THE JOSEPH S. FAY SHIPWRECK
History of the Joseph S. Fay Shipwreck
The wooden steamer Joseph S. Fay was built in 1871, at the Quayle & Martin shipyard, Cleveland, Ohio. The Fay was among the first of the Great Lakes freighters built for the iron ore trade. The schooner, D. P. Rhodes was built to be the Fay's consort and they were paired for over thirty years. They were one-owner boats operating for the Bradley interest, and were painted with bright green hulls, broad white rails and red stacks characteristic of the Bradley fleet. (Nothing to do with Bradley Transportation of later years)
On October 19, 1905 in heavy seas, the Fay with the Rhodes in tow, departed from Escanaba, Michigan and was downbound on Lake Huron. Destination -- Ashtabula, Ohio. Both boats were fully loaded with iron ore. The captain hugged the coast seeking some protection from the violent wind and savage waves. The wind shifted violently, whipping inland. The Fay was being swept to shore! The seasoned captain turned toward open water desperately trying to gain control of his ship. The straining towline tightened, pulling taut. The ships rolled in opposite directions and the Rhodes broke free taking a portion of the Fay's stern with her.
Suddenly free, the Fay gained some forward movement, but she was now sinking. Water rushed into the hull. The fires in the boilers would be extinguished leaving the boat powerless and adrift. Cold, wet and nearly frozen, the crew crowded into the forward cabin. The captain struggled to bring the Fay around and head to shore toward 40 Mile Point Light Station.
It was a close race, but the Fay made it. Her bow struck a sandbar and the entire forward cabin was torn off. The wheelhouse, deck, mate's and captain's rooms were ripped from the deck. Incredibly, huge waves lifted the structure and carried it to shore where it washed up on the sandy beach near the light station. The captain and 10 crewmen were safe inside. In fact, one of the crewmen was reported to be asleep and didn't even wake up!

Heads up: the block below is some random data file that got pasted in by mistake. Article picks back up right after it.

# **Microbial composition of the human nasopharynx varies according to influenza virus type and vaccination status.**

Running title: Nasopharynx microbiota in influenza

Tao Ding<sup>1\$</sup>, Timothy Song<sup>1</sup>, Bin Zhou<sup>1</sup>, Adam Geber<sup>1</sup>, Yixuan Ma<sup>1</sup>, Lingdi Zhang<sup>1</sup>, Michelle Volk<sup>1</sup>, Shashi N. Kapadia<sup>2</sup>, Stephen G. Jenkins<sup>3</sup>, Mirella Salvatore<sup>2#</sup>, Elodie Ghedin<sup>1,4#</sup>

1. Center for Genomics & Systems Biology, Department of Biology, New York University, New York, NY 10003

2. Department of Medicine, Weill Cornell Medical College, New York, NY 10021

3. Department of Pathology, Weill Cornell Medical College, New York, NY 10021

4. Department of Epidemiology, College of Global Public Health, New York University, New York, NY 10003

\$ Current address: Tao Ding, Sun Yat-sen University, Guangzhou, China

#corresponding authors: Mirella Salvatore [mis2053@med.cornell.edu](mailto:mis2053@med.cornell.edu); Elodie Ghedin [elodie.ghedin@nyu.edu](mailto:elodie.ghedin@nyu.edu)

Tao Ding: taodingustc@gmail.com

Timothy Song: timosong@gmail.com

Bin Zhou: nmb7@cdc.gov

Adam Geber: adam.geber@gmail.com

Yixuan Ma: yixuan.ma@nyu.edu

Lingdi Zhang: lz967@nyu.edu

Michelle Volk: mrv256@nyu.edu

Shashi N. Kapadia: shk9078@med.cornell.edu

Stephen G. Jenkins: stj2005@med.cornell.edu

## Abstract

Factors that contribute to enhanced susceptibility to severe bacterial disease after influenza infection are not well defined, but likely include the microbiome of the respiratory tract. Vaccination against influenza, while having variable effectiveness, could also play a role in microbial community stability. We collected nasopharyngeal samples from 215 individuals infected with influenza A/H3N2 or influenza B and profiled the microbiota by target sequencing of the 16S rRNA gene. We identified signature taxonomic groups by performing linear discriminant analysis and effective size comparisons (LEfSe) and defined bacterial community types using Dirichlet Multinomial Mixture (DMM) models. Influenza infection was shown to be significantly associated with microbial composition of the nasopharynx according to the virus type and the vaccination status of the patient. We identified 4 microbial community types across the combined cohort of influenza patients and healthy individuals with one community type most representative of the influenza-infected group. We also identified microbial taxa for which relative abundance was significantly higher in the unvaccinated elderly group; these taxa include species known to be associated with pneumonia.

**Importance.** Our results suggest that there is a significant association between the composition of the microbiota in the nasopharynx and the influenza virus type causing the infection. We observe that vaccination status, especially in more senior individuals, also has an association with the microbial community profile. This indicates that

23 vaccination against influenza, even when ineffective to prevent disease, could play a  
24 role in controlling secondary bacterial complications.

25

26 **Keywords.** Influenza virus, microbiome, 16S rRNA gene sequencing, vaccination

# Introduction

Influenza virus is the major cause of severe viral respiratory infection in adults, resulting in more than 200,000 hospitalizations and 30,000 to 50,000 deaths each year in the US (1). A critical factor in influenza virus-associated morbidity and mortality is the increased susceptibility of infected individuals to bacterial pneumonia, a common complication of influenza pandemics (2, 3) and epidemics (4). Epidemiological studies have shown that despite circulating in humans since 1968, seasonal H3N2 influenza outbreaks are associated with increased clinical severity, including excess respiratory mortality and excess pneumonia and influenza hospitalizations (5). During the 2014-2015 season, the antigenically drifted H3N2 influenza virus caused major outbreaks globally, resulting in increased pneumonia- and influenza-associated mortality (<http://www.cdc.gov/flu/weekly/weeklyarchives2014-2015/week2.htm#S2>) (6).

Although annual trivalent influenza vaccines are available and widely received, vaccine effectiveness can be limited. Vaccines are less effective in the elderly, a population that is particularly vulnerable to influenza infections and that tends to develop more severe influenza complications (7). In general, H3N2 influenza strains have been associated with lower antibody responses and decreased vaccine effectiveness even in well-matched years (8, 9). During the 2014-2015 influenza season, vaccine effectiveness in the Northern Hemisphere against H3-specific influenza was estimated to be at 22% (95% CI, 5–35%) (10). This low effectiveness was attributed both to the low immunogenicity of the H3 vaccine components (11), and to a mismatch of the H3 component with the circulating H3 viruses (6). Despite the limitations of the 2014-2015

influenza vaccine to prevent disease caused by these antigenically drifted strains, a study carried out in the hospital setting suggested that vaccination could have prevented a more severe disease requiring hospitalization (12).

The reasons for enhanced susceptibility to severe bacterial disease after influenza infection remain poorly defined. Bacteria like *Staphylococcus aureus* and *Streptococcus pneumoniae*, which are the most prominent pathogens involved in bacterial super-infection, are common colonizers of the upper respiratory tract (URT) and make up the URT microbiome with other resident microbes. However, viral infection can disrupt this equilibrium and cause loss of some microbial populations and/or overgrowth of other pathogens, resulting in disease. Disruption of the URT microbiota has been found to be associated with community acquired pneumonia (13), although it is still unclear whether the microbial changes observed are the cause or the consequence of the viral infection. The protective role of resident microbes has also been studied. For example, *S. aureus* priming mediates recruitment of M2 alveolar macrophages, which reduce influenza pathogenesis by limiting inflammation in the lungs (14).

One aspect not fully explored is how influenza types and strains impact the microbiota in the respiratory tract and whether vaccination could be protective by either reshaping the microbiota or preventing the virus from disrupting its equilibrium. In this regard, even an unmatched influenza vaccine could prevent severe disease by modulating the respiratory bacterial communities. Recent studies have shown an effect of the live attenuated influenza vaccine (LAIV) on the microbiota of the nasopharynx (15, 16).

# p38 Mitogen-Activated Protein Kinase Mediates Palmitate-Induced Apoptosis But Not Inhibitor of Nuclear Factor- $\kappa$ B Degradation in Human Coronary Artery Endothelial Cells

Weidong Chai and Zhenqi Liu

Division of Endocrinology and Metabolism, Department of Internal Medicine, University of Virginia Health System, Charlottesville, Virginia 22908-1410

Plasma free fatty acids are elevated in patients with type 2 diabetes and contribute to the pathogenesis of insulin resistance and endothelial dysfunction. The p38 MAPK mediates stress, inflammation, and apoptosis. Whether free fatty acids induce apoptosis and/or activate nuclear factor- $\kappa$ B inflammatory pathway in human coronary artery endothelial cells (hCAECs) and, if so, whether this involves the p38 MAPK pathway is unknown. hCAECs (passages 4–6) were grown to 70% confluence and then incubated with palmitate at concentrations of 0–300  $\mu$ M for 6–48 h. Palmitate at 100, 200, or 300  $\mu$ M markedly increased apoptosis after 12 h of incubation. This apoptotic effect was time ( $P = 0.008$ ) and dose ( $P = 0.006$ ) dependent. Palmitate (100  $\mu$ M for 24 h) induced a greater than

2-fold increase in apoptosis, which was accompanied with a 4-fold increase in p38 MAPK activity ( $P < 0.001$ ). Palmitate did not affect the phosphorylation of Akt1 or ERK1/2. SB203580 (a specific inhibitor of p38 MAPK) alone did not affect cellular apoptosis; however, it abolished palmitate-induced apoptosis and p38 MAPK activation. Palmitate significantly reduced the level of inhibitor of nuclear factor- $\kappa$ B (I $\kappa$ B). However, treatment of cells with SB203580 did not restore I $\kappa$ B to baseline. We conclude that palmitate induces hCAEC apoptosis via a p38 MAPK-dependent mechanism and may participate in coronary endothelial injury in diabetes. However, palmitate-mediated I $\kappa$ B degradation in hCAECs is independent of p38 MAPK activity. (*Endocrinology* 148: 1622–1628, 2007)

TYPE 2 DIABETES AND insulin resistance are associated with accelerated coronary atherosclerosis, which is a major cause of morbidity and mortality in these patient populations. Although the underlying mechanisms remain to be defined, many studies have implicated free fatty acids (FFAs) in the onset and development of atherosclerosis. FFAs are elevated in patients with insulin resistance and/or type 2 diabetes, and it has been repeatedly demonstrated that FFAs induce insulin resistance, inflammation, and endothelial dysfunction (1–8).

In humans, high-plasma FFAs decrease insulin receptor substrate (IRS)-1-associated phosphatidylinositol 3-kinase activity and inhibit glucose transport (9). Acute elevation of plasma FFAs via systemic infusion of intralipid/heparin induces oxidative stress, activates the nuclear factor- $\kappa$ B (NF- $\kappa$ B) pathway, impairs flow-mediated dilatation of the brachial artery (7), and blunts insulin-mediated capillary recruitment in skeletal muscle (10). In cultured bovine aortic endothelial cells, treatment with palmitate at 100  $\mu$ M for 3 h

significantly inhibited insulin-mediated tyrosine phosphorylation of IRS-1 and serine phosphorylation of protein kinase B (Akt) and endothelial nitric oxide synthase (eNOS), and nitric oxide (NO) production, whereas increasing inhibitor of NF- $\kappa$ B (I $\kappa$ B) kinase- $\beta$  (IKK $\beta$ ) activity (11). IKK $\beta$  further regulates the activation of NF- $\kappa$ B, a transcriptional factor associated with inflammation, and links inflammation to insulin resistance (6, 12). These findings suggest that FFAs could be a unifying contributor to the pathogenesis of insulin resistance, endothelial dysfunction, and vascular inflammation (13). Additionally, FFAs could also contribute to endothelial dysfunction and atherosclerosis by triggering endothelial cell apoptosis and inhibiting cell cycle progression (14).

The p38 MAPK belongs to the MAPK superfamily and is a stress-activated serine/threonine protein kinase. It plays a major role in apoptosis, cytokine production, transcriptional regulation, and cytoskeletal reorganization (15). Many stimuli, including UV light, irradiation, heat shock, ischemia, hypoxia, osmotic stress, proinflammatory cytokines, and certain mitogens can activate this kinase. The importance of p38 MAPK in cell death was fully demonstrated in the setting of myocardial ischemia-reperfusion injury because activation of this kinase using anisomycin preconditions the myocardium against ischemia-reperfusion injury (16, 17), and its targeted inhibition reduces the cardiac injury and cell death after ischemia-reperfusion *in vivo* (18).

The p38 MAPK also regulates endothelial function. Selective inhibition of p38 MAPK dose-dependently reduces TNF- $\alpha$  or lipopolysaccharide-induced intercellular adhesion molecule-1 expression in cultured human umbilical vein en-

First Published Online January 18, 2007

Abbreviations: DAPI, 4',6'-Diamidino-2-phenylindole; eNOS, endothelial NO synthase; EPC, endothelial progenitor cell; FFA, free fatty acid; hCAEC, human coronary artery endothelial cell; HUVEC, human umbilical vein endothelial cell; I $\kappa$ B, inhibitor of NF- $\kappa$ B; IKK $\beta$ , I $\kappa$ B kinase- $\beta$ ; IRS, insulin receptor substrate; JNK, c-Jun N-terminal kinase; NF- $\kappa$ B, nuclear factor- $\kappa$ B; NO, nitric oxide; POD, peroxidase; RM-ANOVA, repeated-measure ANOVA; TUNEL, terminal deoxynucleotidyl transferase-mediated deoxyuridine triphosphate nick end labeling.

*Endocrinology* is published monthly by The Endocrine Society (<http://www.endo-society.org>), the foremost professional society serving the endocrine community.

First Mate David Syze of Port Huron and two other crewmen weren't so fortunate. Clinging to the beached hull, the struggling men ripped off a spar and used it to paddle to shore. The first mate attempted to swim, but was overcome by the cold and was lost.
The lighthouse keeper's log for October 20, 1905 simply reads: “At 8:30 p.m. last night the steamer, J. S. Fay, came ashore here in a sinking condition. She soon broke up. Most of the crew came ashore on the Pilot House. Three men swam ashore, the mate was drowned.” The entry for December 4, 1905 reads: “The assistant found a dead man on the beach about 1 mile up. We think it is the mate of the Fay.”
The Rhodes and her entire crew survived, but it was the end for the Fay. She eventually broke up on the sand bar and sank in about 12 feet of water. But, if you visit 40 Mile Point Light Station and stroll up the beach about 200 yards, you can see some 150 feet of her huge wooden side, metal rods and spikes holding her steady, resting in the sand.
Gross Tonnage 1,200
Dimensions: 216' long, 34' wide, 15' deep
Engine: Cuyahoga Iron Works, Cleveland, Ohio 28-1/2" diameter x 36" stroke (Single cylinder - original engine) High Pressure Non-condensing
1887 Engine compounded by Globe Iron Works 24", 44" diameter x 38" stroke (2 cylinder)
1893 Two firebox boilers replaced by new scotch boiler
Bulwarks were cut down in the 1880's, top hamper reduced in later years. There were never any significant structural changes.